- Blake came down with the chicken pox earlier in the week and continues to have the “indefinitely” tag upon him as far as when he might return. Jackson revealed that he drove over to Blake’s house to drop off some video shown to the rest of the team, and described his backup point guard as “speckled.”

IN SHORT: Blake is definitely out for Game 1.

Ron Artest Champions Mental Health

62167446Ron Artest made a big difference on the basketball court throughout L.A.’s run through the 2010 playoffs, and even hit the biggest shot in Game 7 of the Finals against Boston.

Throughout the summer and into the 2010-11 season, Artest is trying to make an even bigger difference off the floor while shining a light on mental health issues in kids for their ultimate benefit and well-being.

Artest has managed to create quite a buzz around the topic by announcing his in-place plan to auction off his 2010 championship ring. Dressed sharply in a suit, Artest joined “Larry King Live” on Wednesday evening to discuss:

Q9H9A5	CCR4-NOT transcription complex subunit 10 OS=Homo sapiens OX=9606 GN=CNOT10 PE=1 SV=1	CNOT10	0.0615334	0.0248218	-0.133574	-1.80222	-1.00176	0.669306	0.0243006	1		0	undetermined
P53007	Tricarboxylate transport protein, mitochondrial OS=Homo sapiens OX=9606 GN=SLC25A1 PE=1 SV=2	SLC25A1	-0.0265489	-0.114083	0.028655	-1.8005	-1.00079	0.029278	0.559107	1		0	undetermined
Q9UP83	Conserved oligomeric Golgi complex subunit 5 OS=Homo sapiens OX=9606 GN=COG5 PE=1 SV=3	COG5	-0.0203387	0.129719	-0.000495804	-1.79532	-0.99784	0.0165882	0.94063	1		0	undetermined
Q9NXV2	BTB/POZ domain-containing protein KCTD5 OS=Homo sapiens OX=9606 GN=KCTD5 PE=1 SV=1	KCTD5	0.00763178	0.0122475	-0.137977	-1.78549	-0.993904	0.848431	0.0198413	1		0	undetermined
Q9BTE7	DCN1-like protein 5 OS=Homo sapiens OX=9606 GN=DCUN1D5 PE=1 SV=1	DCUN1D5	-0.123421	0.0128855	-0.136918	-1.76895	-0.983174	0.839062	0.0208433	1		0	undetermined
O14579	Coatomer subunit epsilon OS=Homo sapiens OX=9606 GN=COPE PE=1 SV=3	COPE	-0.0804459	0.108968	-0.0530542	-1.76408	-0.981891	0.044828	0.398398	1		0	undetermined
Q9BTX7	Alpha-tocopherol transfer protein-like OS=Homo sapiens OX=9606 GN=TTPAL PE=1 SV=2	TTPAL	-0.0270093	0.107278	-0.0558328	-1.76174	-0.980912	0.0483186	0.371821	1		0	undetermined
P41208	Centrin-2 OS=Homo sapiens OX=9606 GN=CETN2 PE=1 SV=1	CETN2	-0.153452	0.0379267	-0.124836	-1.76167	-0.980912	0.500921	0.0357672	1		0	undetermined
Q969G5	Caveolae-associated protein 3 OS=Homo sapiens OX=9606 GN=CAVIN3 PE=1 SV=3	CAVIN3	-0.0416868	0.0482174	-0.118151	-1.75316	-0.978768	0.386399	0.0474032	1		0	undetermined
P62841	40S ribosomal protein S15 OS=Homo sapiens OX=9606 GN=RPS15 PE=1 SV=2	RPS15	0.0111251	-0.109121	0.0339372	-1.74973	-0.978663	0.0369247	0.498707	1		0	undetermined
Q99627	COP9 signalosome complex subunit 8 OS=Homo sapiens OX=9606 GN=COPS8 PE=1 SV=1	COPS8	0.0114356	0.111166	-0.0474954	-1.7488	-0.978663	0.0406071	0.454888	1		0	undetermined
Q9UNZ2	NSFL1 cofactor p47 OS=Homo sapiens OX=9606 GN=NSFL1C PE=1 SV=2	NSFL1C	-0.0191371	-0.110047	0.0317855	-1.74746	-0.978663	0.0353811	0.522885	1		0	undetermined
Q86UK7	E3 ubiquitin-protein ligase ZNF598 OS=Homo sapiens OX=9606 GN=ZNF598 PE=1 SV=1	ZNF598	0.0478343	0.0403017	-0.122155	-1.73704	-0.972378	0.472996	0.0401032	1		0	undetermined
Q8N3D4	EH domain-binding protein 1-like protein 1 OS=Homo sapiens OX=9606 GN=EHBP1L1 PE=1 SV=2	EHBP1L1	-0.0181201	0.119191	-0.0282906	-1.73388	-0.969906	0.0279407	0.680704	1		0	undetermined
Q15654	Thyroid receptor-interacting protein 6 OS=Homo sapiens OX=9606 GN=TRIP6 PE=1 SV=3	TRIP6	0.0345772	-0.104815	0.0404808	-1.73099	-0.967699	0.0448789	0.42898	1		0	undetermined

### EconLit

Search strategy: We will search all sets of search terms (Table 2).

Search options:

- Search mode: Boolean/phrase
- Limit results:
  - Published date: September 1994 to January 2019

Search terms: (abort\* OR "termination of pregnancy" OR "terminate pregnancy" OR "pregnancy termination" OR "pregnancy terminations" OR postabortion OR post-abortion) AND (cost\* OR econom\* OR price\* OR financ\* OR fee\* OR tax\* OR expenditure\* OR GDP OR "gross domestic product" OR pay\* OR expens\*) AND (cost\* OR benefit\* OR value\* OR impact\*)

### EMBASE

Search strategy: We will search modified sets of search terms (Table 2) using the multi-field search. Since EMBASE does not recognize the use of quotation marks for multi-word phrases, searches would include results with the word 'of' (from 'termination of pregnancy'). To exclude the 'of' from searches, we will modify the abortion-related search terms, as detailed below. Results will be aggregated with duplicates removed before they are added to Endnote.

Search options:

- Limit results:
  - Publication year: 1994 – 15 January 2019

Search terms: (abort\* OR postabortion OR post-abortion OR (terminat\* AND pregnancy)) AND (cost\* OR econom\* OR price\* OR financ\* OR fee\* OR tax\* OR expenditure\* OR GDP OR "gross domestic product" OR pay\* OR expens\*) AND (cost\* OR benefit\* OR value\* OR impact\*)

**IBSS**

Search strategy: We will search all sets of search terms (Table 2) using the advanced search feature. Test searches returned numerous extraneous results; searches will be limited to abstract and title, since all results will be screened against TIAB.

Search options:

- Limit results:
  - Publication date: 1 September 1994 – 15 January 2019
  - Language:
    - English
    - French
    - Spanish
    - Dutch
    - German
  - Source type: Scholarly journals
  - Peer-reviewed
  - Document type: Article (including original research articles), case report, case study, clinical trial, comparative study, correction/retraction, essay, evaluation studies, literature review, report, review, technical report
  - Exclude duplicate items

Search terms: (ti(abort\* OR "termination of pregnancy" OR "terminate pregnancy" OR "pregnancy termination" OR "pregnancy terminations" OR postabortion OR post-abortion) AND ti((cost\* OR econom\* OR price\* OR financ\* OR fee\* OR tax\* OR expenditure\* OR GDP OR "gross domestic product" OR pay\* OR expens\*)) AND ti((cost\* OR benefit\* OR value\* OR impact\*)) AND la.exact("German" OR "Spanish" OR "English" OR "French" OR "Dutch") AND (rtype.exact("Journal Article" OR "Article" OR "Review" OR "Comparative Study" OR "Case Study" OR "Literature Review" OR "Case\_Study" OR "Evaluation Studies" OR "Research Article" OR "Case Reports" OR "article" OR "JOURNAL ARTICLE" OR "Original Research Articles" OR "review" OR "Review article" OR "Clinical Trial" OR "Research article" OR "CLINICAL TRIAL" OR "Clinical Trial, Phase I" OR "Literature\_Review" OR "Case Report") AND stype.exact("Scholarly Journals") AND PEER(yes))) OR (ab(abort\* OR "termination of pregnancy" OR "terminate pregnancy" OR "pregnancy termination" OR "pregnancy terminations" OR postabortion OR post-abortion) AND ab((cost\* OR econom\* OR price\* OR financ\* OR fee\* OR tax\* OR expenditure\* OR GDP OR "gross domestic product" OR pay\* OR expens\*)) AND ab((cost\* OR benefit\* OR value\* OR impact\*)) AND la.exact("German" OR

I’d rather give more people an opportunity to get it so I can get the message out, because it’s not about the money but more about the message … I’m emotionally attached and invested in trying to better the youth, mainly people who grew up how I grew up. I had a lot of mental health issues in my household … I know guys who had a chance to make it in academics or athletics but go back to the streets and go to jail, they get murdered, things like that. I’m trying to catch these kids right where the turning point (could be) to possibly affect their lives negatively.

It’s the same message Artest has been putting out throughout the preseason. In fact, we chatted about the issue back in Las Vegas on Oct. 13, where Artest was awarded the key to the city. Below is a transcript of the conversation:

MT: What did it feel like to be given the Key to Las Vegas for your work in the community?